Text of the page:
Network for Youth in Transition

Original source: http://www.bridging-the-divide.org/south-lebanon/youth-bitterly-divided-by-religion-and-politics/

LEBANESE YOUTH DIVIDED BY CONFLICTS
After nearly a half century of civil war and foreign occupation, divisiveness in politics and religion has come to define much of what is Lebanon, with the possibility of relapse into conflict being a constant threat. The effects of this history are particularly acute in the Beqaa Valley - located adjacent to the Syrian border, housing a diverse array of rival confessional groups - between the tightly clustered Christian and Muslim populations. A Syrian occupation between 1978 and 2005, and more recent attacks by Israel in 2006 and 2008, positioned the region as a convenient central hub for lawlessness, often leaving its inhabitants cut off from supplies, funding, and development initiatives.
Although only 12.7 percent of Lebanon's population resides in the Beqaa, they account for 17.2% of the nation's extremely poor, with the overall presence of poverty at 29%. In this context, Christian and Muslim youth are often divided in the aftermath of the 16-years-long civil war. Opportunities for education and training in life skills - communication, teamwork, cooperation, and community participation - are often absent. Moreover, the severity of the situation further impacts the aspiring younger generations in terms of access to technology and opportunities for gainful employment, all of which are essential to their ability to secure a stable future.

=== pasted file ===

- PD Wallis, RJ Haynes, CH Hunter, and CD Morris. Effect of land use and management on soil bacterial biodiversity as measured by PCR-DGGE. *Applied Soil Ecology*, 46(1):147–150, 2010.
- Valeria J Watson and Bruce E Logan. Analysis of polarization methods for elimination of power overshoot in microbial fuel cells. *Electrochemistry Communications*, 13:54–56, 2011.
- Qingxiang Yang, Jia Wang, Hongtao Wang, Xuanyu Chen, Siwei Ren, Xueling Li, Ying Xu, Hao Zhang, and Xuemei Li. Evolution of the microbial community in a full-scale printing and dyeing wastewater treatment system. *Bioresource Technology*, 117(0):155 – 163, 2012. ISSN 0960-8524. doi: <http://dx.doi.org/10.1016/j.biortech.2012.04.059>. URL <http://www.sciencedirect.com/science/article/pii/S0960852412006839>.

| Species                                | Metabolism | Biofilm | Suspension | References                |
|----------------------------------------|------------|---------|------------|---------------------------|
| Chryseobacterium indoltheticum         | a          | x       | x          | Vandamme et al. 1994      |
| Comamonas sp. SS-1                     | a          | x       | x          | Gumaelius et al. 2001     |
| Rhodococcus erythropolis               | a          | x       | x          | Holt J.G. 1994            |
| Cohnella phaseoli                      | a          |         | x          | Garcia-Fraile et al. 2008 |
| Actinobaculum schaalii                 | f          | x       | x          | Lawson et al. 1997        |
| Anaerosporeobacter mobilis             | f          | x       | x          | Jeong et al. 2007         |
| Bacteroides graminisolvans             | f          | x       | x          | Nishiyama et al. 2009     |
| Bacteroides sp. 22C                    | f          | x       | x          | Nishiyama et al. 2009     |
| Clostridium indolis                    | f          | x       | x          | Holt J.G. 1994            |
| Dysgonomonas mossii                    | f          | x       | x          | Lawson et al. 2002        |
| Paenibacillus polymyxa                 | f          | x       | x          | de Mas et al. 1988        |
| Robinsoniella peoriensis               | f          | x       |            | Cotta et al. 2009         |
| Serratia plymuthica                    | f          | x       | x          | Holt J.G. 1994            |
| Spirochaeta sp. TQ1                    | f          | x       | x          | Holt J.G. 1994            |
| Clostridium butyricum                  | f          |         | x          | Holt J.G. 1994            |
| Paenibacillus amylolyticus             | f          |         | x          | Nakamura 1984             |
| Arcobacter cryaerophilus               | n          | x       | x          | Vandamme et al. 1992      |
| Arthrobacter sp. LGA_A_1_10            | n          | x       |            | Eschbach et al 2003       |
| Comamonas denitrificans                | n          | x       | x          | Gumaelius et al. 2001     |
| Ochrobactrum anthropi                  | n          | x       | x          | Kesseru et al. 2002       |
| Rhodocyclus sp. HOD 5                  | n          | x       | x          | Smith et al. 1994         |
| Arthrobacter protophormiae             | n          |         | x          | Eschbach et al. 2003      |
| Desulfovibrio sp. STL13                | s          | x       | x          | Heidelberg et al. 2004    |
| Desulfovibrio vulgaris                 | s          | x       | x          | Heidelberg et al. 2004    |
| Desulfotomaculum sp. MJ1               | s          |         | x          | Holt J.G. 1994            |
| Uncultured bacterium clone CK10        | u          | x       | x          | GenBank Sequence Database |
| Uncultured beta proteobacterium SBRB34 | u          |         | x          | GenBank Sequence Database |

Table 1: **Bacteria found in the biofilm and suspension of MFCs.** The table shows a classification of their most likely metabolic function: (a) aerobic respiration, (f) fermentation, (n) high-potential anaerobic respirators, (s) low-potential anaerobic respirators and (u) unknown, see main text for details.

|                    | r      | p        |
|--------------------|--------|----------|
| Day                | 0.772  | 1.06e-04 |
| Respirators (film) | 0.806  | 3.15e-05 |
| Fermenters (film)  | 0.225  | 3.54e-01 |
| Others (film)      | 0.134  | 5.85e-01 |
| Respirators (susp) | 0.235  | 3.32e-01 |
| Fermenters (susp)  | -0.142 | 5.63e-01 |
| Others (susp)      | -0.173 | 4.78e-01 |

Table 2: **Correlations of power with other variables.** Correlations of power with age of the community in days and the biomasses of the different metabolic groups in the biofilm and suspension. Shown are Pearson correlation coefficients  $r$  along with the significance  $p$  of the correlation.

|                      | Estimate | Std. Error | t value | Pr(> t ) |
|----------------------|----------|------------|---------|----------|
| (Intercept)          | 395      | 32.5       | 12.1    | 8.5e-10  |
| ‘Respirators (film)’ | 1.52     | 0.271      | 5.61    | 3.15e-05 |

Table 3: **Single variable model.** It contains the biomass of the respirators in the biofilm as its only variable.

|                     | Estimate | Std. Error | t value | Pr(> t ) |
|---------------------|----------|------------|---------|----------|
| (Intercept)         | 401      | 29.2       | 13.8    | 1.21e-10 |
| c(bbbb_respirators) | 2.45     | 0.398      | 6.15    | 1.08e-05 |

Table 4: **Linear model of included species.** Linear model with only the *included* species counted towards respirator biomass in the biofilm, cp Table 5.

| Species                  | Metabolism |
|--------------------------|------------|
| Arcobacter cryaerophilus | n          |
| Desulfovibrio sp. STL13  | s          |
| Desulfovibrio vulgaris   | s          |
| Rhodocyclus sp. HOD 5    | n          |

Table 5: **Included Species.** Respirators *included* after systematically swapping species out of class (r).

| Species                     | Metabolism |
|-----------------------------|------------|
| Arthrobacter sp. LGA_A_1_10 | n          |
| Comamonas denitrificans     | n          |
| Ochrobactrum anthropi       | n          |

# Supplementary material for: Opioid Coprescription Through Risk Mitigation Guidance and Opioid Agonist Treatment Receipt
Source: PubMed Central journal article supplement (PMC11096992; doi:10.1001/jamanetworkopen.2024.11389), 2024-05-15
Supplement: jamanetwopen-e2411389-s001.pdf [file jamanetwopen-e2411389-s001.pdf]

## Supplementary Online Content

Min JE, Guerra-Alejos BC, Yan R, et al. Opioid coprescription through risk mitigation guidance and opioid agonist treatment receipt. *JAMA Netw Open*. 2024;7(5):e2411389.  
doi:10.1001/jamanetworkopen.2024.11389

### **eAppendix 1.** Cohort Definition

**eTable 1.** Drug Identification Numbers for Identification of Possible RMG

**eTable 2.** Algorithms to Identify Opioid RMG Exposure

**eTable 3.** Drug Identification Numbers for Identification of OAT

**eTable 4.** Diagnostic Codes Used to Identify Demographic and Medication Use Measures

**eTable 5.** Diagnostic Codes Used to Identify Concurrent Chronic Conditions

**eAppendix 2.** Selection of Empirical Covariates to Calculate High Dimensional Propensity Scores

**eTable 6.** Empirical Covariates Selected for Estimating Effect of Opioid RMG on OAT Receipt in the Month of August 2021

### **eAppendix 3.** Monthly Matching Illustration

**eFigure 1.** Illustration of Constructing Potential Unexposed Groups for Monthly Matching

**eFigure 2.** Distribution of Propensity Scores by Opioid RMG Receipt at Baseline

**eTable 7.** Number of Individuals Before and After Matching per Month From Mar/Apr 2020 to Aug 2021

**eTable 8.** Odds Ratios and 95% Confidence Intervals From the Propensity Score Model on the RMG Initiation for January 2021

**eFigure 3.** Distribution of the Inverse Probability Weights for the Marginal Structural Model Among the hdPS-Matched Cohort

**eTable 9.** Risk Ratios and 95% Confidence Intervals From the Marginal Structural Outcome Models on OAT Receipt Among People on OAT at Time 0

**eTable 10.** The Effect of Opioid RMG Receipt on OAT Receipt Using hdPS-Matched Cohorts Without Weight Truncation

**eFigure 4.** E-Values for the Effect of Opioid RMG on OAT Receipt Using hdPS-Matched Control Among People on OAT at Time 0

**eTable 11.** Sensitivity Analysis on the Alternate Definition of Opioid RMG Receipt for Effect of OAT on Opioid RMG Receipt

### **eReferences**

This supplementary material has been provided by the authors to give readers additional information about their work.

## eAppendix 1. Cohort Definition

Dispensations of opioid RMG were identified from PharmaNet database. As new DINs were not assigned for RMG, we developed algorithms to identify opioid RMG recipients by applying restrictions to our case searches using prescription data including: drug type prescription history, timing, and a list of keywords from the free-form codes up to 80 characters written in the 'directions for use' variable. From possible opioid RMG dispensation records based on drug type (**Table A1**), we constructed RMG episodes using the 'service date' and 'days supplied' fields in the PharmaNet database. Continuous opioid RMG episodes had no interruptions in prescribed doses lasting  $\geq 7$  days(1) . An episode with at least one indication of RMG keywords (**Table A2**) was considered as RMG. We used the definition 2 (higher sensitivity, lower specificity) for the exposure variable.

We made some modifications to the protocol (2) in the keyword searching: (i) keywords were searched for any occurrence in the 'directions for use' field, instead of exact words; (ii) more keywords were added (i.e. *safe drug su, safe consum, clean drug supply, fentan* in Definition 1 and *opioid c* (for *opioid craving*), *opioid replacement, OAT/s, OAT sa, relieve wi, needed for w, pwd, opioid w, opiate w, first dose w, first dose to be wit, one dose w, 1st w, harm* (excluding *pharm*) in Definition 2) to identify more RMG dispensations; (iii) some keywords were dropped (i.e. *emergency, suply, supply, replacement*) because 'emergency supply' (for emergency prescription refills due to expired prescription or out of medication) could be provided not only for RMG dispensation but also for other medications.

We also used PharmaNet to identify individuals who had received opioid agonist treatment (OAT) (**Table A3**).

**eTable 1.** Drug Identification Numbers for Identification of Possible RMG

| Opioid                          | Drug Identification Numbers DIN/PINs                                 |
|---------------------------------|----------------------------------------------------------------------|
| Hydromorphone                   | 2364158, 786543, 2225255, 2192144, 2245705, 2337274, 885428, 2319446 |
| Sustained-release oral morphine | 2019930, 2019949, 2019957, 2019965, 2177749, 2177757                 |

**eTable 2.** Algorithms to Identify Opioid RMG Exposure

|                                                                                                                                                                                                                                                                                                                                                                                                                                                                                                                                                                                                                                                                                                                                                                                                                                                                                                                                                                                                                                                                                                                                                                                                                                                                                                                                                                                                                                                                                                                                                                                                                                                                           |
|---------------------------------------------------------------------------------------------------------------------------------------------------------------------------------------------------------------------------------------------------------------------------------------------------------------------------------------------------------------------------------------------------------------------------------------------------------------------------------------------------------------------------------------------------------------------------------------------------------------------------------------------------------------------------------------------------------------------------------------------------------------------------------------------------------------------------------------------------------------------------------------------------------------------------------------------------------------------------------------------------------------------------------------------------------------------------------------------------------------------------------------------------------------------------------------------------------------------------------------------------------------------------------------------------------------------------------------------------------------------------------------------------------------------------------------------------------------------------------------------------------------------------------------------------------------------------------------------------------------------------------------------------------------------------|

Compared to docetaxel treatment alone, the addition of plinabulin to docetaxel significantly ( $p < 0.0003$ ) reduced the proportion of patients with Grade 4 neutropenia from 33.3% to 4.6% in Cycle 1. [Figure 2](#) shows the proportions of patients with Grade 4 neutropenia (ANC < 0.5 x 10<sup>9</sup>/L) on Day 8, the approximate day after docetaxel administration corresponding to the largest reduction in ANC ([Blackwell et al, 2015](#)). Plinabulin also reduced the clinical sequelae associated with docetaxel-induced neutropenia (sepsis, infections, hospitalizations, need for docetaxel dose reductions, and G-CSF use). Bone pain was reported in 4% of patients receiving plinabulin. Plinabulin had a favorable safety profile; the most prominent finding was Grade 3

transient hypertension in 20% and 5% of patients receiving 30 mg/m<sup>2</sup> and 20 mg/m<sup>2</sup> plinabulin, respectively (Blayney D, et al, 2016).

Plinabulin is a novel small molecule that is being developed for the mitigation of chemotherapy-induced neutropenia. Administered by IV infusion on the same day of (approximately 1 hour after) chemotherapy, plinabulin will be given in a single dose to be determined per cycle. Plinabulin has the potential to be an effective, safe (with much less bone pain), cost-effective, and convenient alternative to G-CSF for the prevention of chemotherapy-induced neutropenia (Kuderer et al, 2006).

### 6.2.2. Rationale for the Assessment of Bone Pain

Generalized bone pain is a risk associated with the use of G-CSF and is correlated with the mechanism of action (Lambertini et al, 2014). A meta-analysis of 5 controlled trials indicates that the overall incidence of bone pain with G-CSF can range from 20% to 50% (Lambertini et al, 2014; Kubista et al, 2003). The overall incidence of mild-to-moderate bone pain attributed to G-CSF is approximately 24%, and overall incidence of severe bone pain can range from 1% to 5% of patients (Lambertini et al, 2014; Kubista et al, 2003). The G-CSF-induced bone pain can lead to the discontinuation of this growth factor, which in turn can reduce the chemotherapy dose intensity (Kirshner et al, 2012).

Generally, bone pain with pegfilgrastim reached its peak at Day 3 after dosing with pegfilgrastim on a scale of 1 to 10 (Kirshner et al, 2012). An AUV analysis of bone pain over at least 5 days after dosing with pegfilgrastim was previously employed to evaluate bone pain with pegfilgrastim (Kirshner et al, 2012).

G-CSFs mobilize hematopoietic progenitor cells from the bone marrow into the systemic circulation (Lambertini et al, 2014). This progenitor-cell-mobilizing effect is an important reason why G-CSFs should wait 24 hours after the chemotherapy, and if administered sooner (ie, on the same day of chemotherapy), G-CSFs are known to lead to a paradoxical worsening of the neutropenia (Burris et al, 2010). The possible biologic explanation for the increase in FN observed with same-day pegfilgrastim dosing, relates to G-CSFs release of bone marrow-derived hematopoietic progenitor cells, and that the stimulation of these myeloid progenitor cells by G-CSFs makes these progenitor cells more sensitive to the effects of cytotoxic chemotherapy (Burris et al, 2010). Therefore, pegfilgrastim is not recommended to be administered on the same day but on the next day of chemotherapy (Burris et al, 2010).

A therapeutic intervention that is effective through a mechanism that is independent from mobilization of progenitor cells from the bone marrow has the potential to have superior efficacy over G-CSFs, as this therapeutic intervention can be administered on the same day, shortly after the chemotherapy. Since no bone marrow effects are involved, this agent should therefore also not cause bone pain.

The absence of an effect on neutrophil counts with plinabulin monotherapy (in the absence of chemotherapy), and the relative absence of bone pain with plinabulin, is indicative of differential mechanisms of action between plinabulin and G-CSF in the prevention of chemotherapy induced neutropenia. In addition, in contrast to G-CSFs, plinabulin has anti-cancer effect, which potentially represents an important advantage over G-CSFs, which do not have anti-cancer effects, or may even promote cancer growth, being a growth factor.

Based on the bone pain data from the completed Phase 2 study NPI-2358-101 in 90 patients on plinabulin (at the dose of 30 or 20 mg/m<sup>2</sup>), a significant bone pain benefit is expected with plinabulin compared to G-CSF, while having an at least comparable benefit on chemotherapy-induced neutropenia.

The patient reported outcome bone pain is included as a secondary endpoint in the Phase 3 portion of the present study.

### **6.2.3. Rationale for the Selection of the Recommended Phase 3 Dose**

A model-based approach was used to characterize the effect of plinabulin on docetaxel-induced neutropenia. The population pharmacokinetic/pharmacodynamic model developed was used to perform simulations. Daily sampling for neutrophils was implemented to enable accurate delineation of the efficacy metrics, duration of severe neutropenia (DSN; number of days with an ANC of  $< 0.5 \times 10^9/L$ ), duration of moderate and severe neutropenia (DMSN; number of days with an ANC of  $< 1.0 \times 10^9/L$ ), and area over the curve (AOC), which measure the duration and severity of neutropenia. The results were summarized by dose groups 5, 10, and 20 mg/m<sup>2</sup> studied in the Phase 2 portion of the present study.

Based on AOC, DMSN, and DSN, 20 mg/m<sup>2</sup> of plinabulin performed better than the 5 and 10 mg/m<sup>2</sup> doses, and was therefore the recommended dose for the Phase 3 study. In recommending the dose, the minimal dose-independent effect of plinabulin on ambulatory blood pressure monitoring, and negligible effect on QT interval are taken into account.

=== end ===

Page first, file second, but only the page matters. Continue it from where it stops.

Because new generations are vulnerable to poles of extremism, militancy, and illicit trade, action must be taken to encourage and facilitate dialogue among Christian and Muslim youth on issues of common interest. They must be equipped with the tools to secure key rights necessary to realizing a future of inclusion and prosperity and to affect change in their communities. Investing in alternative channels like civil society, youth voices are empowering social dialogue so as to reach out to their communities in a call for reunion and to increase participation in political life.

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